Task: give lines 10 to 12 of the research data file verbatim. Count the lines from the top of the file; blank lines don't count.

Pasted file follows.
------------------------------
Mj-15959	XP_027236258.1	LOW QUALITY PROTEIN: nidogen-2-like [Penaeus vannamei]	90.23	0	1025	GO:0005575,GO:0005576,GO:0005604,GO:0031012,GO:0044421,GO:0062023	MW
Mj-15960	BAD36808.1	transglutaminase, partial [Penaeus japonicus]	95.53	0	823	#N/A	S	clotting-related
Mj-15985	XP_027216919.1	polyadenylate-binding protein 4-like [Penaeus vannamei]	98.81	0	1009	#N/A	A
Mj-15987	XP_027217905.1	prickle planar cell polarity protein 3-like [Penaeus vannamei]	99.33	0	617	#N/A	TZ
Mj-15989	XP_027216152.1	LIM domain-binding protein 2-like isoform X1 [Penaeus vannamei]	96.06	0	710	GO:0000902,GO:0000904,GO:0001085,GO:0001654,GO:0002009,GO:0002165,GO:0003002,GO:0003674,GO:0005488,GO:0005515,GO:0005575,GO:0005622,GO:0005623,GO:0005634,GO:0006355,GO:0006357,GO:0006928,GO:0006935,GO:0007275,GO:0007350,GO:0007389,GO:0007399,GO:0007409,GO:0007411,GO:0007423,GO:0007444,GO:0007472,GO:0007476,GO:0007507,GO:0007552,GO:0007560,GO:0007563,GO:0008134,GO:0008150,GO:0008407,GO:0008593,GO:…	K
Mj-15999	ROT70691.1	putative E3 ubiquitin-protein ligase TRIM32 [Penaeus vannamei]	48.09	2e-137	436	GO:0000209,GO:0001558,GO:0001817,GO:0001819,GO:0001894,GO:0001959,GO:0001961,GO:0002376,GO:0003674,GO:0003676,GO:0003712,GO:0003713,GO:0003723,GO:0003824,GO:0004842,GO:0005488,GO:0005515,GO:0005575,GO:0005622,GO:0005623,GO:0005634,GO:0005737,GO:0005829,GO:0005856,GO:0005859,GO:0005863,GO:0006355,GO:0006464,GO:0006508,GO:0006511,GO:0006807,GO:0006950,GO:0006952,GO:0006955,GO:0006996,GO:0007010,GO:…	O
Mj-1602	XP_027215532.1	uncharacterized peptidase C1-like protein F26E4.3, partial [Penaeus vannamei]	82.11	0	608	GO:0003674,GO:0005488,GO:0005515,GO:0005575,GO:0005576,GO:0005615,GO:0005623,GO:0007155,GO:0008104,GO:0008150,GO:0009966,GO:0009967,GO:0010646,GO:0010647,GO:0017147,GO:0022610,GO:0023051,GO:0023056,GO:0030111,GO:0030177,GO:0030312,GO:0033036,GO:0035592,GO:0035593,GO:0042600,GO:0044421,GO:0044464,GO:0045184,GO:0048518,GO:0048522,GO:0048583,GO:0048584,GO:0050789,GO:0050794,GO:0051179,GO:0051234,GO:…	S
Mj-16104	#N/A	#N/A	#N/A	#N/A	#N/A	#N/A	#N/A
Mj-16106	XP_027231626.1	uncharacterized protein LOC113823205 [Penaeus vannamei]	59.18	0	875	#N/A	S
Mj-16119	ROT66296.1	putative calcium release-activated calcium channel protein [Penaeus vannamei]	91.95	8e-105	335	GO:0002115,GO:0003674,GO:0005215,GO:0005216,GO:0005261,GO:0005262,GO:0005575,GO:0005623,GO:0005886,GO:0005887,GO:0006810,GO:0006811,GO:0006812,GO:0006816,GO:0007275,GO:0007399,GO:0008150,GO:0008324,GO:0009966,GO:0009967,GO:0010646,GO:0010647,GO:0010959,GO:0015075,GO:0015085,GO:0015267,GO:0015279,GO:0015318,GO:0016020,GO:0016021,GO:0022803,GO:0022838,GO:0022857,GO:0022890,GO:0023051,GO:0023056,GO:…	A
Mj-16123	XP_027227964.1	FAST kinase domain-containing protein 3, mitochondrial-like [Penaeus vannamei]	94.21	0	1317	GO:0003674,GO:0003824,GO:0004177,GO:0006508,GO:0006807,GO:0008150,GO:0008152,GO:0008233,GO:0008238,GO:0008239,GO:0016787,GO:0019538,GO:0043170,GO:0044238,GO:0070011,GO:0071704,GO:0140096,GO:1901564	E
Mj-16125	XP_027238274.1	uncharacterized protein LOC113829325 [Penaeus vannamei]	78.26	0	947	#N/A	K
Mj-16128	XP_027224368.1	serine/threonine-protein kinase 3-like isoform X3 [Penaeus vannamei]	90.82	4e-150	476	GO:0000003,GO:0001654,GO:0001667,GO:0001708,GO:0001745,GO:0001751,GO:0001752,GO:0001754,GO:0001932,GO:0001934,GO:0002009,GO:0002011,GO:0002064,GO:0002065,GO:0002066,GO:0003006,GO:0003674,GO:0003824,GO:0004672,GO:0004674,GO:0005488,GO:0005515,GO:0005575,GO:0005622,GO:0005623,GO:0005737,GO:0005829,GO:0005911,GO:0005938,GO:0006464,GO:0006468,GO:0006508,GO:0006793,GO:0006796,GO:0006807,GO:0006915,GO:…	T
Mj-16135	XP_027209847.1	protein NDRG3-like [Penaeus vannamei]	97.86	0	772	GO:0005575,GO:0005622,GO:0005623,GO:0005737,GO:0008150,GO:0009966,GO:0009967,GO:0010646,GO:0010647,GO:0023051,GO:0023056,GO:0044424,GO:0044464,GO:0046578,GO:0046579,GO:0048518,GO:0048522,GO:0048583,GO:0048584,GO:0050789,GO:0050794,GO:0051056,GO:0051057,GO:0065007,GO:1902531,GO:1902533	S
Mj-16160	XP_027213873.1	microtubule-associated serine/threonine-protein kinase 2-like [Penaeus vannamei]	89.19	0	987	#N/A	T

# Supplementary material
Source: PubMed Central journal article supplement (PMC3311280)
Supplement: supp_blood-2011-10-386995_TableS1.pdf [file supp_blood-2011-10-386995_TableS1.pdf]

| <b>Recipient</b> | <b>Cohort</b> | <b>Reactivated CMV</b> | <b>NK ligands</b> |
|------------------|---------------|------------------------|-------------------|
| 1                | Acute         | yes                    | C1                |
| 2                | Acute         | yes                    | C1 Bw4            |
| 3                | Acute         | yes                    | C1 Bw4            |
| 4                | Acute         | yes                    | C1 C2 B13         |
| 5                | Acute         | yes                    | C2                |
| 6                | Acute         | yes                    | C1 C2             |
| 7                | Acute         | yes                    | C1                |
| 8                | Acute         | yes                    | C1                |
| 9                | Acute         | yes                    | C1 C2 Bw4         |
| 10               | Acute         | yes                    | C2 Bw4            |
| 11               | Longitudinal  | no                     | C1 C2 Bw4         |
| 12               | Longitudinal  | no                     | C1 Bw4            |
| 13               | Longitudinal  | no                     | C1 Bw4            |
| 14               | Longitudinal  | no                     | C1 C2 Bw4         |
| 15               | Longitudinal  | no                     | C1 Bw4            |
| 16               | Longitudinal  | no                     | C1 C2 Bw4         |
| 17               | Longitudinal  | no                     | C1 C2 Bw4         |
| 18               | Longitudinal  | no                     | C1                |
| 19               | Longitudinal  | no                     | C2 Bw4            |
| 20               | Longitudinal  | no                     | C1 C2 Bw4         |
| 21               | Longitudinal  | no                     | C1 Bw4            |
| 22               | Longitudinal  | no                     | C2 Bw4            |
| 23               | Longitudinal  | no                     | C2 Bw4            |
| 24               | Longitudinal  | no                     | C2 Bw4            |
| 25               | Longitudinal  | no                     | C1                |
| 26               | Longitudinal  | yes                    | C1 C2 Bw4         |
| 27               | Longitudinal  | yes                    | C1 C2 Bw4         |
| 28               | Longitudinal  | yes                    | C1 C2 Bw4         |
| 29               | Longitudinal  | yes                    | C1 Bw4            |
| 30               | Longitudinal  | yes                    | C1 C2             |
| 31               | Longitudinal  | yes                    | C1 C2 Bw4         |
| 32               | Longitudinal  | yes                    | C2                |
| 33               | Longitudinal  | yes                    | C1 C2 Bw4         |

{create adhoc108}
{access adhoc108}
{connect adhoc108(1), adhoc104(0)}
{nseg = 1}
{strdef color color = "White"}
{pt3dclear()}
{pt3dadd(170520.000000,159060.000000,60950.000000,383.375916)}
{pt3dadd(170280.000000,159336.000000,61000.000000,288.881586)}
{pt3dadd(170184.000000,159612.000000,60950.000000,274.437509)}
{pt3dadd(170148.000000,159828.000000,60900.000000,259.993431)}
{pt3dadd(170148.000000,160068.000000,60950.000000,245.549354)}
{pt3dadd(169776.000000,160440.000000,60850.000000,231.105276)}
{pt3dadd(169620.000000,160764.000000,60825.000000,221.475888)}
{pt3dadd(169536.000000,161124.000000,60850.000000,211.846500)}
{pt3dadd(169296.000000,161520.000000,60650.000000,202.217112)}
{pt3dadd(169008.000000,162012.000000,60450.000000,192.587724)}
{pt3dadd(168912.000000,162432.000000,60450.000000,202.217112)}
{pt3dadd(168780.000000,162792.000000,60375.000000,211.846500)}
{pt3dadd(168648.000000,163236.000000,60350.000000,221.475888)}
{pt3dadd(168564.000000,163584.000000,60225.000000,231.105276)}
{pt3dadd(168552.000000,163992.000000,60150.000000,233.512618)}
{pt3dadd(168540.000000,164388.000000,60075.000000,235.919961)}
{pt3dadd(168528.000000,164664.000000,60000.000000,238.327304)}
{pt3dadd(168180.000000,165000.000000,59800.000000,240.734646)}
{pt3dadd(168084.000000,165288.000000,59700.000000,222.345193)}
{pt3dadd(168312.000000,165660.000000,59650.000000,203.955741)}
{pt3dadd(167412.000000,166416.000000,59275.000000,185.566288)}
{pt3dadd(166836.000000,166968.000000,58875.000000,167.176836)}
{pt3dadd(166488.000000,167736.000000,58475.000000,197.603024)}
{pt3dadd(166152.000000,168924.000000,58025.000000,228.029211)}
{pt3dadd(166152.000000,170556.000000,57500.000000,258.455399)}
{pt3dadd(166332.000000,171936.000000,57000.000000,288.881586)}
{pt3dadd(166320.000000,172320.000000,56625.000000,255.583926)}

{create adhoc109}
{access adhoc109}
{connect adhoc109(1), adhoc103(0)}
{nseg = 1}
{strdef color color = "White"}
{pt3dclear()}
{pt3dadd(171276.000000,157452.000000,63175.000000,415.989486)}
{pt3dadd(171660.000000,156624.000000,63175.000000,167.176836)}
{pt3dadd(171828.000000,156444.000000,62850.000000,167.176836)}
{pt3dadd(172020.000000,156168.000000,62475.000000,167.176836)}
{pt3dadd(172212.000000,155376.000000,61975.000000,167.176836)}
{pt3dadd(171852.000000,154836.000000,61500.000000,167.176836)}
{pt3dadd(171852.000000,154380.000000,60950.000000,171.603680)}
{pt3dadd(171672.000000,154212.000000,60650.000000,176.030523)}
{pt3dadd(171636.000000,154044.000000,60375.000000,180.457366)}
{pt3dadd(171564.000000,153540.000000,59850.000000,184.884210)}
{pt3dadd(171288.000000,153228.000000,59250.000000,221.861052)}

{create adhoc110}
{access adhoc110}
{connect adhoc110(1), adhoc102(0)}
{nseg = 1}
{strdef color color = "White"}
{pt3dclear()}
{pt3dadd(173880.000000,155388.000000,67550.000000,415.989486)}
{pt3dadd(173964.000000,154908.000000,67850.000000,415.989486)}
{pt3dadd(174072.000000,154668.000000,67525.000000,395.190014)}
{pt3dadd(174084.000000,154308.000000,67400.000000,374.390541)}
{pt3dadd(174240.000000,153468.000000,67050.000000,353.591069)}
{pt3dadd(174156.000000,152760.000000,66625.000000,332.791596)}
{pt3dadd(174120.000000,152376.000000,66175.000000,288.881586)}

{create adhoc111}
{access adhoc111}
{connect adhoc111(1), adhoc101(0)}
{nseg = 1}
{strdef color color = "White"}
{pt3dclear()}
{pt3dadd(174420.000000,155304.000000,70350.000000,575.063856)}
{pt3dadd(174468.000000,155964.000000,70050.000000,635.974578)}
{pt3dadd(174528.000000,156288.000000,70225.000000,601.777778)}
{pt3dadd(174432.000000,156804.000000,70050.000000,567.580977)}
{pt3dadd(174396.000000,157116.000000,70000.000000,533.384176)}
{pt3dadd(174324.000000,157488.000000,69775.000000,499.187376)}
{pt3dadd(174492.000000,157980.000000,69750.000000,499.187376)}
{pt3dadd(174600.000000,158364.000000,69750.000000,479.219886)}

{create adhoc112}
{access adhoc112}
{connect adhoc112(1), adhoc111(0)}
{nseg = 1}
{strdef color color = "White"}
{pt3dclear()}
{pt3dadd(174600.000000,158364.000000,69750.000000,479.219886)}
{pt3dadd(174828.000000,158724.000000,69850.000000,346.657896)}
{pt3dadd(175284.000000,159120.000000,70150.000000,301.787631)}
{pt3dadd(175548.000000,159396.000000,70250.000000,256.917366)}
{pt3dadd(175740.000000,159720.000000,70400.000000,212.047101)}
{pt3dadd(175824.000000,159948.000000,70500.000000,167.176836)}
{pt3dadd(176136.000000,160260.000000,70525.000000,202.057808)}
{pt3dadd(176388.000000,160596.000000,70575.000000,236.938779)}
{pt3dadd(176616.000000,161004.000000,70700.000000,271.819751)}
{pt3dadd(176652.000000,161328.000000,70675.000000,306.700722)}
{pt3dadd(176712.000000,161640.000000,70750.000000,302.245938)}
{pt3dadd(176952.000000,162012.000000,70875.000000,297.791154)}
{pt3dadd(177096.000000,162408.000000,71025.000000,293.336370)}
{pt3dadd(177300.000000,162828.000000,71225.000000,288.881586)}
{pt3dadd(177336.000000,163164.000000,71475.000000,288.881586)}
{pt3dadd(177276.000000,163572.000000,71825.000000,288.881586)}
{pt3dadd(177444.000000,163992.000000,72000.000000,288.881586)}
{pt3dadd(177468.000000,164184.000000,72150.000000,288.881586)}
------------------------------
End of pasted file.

Mj-16119	ROT66296.1	putative calcium release-activated calcium channel protein [Penaeus vannamei]	91.95	8e-105	335	GO:0002115,GO:0003674,GO:0005215,GO:0005216,GO:0005261,GO:0005262,GO:0005575,GO:0005623,GO:0005886,GO:0005887,GO:0006810,GO:0006811,GO:0006812,GO:0006816,GO:0007275,GO:0007399,GO:0008150,GO:0008324,GO:0009966,GO:0009967,GO:0010646,GO:0010647,GO:0010959,GO:0015075,GO:0015085,GO:0015267,GO:0015279,GO:0015318,GO:0016020,GO:0016021,GO:0022803,GO:0022838,GO:0022857,GO:0022890,GO:0023051,GO:0023056,GO:…	A
Mj-16123	XP_027227964.1	FAST kinase domain-containing protein 3, mitochondrial-like [Penaeus vannamei]	94.21	0	1317	GO:0003674,GO:0003824,GO:0004177,GO:0006508,GO:0006807,GO:0008150,GO:0008152,GO:0008233,GO:0008238,GO:0008239,GO:0016787,GO:0019538,GO:0043170,GO:0044238,GO:0070011,GO:0071704,GO:0140096,GO:1901564	E
Mj-16125	XP_027238274.1	uncharacterized protein LOC113829325 [Penaeus vannamei]	78.26	0	947	#N/A	K